The Hawks sent their star winger, 38-year-old Johnny Gottselig, to the PA to plead with the loyalists. “Let’s get on with the game,” he suggested. Carroll: “It was the signal for a fresh outburst from the crowd.”
Chicago president Bill Tobin couldn’t believe that the 50 ushers on duty that night hadn’t apprehended a single malefactor. “Somebody might have been hurt, or even killed.”
Black Hawks’ owner Major Frederic McLaughlin vowed that for the next game an extra 50 ushers would be on duty. It was his idea, too, that the home team should be penalized if debris on the ice forced a delay in the game.
Andy Frain was the man commanding the Stadium ushers come Sunday’s game. The Tribune’s list of items confiscated from ticket-holders at the rink’s entrance included:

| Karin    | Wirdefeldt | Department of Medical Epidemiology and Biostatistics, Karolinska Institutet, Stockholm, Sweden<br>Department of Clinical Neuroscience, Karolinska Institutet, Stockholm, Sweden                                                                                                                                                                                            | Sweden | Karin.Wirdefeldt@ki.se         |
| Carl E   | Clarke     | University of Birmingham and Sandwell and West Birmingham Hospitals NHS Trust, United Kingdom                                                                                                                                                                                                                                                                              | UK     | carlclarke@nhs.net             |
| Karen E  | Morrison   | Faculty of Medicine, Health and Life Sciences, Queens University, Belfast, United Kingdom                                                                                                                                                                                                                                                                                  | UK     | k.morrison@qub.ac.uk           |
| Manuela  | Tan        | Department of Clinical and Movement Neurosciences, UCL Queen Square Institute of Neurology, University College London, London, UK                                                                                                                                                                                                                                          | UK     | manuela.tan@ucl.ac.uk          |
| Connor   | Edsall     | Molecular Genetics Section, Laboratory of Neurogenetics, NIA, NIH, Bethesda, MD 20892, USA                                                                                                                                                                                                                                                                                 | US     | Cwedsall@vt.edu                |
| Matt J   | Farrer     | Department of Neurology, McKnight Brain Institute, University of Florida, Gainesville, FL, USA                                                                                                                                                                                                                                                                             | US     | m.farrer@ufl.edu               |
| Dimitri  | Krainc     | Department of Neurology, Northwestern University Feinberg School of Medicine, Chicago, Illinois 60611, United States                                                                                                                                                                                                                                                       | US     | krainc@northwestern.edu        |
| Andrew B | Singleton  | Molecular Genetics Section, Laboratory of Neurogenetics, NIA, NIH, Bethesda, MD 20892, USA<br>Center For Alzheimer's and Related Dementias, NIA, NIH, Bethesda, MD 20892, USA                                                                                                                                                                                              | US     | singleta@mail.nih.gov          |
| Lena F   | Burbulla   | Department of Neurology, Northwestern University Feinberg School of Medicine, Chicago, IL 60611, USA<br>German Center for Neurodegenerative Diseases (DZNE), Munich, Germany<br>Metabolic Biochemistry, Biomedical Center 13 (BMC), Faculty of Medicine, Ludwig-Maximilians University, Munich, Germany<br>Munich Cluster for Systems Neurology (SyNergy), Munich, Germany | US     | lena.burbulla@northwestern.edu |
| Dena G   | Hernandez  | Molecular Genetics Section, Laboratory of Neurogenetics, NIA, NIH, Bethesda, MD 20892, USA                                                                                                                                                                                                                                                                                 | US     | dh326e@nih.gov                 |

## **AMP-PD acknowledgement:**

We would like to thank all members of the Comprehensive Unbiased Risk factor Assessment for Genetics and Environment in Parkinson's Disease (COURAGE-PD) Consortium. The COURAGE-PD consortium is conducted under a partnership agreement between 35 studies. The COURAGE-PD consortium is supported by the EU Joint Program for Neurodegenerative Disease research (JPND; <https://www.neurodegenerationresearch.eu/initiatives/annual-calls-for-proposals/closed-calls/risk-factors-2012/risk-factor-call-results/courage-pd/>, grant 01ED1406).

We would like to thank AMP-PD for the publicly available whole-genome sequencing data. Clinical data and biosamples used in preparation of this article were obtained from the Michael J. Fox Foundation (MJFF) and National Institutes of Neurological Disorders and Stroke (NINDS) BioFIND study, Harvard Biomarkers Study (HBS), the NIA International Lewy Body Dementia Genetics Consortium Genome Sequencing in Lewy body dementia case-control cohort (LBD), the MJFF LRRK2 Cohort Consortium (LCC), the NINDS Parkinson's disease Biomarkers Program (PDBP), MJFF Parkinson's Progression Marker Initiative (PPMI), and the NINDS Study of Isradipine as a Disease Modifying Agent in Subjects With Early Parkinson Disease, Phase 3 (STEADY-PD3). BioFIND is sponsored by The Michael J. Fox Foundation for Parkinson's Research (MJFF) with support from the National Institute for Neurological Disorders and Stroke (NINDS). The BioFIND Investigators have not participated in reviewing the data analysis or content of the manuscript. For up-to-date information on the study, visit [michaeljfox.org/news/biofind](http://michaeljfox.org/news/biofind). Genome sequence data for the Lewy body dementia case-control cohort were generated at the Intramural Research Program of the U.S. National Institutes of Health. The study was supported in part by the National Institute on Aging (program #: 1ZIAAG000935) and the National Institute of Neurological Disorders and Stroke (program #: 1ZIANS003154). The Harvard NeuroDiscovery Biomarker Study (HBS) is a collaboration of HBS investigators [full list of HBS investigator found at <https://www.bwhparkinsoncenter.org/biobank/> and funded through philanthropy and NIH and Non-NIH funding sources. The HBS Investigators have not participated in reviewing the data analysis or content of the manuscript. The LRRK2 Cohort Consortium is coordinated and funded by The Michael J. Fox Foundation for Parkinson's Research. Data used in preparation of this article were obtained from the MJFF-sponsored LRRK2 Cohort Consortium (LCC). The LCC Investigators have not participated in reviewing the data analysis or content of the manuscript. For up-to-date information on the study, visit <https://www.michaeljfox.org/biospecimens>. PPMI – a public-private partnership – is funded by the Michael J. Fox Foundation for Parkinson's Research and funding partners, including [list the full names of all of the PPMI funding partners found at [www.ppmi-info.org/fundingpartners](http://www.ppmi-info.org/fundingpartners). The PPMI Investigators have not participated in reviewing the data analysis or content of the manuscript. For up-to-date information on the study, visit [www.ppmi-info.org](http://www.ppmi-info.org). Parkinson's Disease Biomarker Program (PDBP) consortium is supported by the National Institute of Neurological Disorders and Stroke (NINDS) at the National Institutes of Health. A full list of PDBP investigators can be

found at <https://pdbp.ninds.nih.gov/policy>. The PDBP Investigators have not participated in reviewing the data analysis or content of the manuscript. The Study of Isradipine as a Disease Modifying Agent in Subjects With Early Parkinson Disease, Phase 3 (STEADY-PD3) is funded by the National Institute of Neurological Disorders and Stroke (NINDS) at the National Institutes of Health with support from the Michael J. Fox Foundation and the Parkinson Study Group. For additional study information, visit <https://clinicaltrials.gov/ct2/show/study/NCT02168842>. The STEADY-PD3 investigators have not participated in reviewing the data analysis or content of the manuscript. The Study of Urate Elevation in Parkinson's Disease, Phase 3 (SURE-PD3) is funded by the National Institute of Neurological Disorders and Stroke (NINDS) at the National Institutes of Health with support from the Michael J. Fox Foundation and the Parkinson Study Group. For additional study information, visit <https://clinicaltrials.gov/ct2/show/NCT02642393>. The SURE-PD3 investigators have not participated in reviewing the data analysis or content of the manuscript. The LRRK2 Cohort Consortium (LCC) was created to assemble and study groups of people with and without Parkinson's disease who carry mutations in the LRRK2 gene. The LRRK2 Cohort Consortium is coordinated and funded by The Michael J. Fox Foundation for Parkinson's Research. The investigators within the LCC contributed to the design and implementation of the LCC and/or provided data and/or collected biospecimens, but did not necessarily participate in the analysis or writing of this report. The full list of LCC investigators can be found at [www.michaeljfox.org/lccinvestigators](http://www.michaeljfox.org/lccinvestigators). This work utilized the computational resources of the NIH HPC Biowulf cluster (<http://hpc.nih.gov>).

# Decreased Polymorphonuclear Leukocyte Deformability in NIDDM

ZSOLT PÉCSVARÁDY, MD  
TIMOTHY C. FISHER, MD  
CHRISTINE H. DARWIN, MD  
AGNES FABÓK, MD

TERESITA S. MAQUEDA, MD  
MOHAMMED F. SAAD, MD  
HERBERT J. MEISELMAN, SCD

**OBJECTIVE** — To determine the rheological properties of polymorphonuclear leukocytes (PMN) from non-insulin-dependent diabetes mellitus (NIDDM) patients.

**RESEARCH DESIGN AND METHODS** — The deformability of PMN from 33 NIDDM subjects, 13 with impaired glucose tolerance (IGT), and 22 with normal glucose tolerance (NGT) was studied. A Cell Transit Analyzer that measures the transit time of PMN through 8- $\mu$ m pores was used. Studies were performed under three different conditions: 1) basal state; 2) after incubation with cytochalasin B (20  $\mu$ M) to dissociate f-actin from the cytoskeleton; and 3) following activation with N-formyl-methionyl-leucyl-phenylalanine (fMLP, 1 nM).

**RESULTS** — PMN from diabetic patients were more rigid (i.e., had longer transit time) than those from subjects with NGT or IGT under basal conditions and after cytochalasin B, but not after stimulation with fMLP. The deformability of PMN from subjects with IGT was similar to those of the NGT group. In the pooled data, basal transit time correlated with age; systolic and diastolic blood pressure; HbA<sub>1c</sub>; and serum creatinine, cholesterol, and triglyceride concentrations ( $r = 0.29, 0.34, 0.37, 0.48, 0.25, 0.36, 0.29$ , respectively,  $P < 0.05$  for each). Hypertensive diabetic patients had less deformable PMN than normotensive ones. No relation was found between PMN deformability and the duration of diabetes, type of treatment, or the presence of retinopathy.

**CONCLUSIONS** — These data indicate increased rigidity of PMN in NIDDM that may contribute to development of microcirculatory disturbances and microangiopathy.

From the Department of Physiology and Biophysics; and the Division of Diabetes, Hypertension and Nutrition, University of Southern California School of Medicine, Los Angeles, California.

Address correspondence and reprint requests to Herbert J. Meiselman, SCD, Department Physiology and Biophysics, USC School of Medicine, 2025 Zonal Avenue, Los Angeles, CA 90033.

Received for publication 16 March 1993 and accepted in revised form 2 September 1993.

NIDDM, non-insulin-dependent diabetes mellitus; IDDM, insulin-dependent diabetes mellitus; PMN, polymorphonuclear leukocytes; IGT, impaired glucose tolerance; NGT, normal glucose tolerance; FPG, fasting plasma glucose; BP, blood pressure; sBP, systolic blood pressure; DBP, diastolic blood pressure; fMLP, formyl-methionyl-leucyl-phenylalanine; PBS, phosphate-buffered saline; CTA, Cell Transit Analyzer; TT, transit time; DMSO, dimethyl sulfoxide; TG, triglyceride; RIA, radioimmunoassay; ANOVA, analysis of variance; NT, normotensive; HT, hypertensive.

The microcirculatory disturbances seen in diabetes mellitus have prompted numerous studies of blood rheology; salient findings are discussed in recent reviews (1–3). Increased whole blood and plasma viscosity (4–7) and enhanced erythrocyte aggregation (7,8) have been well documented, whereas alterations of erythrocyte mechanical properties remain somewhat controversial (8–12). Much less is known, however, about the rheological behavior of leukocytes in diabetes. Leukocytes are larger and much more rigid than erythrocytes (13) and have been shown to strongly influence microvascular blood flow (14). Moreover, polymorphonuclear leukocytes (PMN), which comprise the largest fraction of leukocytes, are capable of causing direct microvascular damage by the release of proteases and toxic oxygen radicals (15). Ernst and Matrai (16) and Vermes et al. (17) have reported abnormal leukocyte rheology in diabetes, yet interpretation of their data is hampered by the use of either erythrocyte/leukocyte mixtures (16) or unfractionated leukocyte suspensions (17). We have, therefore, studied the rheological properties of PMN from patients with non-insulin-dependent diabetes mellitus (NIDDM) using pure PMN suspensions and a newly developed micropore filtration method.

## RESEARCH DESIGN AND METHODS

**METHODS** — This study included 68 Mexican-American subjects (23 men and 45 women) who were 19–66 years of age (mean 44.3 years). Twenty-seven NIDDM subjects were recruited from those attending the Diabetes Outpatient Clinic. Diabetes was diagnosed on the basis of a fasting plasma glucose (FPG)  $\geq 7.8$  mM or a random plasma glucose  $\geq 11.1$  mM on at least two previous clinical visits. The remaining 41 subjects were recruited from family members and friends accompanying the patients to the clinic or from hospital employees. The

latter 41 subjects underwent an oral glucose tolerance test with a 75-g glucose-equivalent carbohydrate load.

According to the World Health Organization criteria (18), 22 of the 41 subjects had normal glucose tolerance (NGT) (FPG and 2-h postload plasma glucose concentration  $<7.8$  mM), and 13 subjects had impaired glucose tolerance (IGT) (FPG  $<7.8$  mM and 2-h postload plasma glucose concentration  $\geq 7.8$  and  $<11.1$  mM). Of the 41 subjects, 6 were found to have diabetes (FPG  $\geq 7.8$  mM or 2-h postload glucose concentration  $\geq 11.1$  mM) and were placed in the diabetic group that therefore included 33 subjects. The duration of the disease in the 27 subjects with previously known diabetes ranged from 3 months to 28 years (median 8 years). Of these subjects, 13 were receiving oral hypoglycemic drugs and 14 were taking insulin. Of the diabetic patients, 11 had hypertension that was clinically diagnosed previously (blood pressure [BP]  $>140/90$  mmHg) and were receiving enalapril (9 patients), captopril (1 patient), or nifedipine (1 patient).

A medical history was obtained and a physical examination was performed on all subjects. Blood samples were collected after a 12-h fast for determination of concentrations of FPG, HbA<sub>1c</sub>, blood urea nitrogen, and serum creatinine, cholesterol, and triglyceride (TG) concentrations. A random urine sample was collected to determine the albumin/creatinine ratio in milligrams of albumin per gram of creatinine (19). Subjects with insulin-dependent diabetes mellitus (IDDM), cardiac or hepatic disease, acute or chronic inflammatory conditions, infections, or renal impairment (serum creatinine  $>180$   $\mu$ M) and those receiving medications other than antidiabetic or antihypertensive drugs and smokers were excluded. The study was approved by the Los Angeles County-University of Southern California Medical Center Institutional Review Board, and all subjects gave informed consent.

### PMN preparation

walnuts and hickory nuts
bags of rice and flour
oranges and limes
pieces of steel
quart bottles of beer
rolls of pennies
a couple of folding chairs.
This plunder, and more, was handed over to the Warren Avenue police detachment. “As a result of the frisking,” the Tribune noted, “last night’s game set a model for decorum in the stands.”
Not that it helped the Hawk cause. They lost the game, 3-2, along with the next one, back in Montreal, where the score was 5-4. The Canadiens’ Cup-winning effort didn’t go without disruption, as Edward Prell logged in the next morning’s paper:
Earlier in the evening when things were going against their heroes, the Montreal spectators had demonstrated that Chicago’s fervent fans have no monopoly on the practice of using the rink for a rubbish heap. Their pet weapons were rubber overshoes, and a bottle or two descended on the ice, but the game never was delayed more than a few seconds.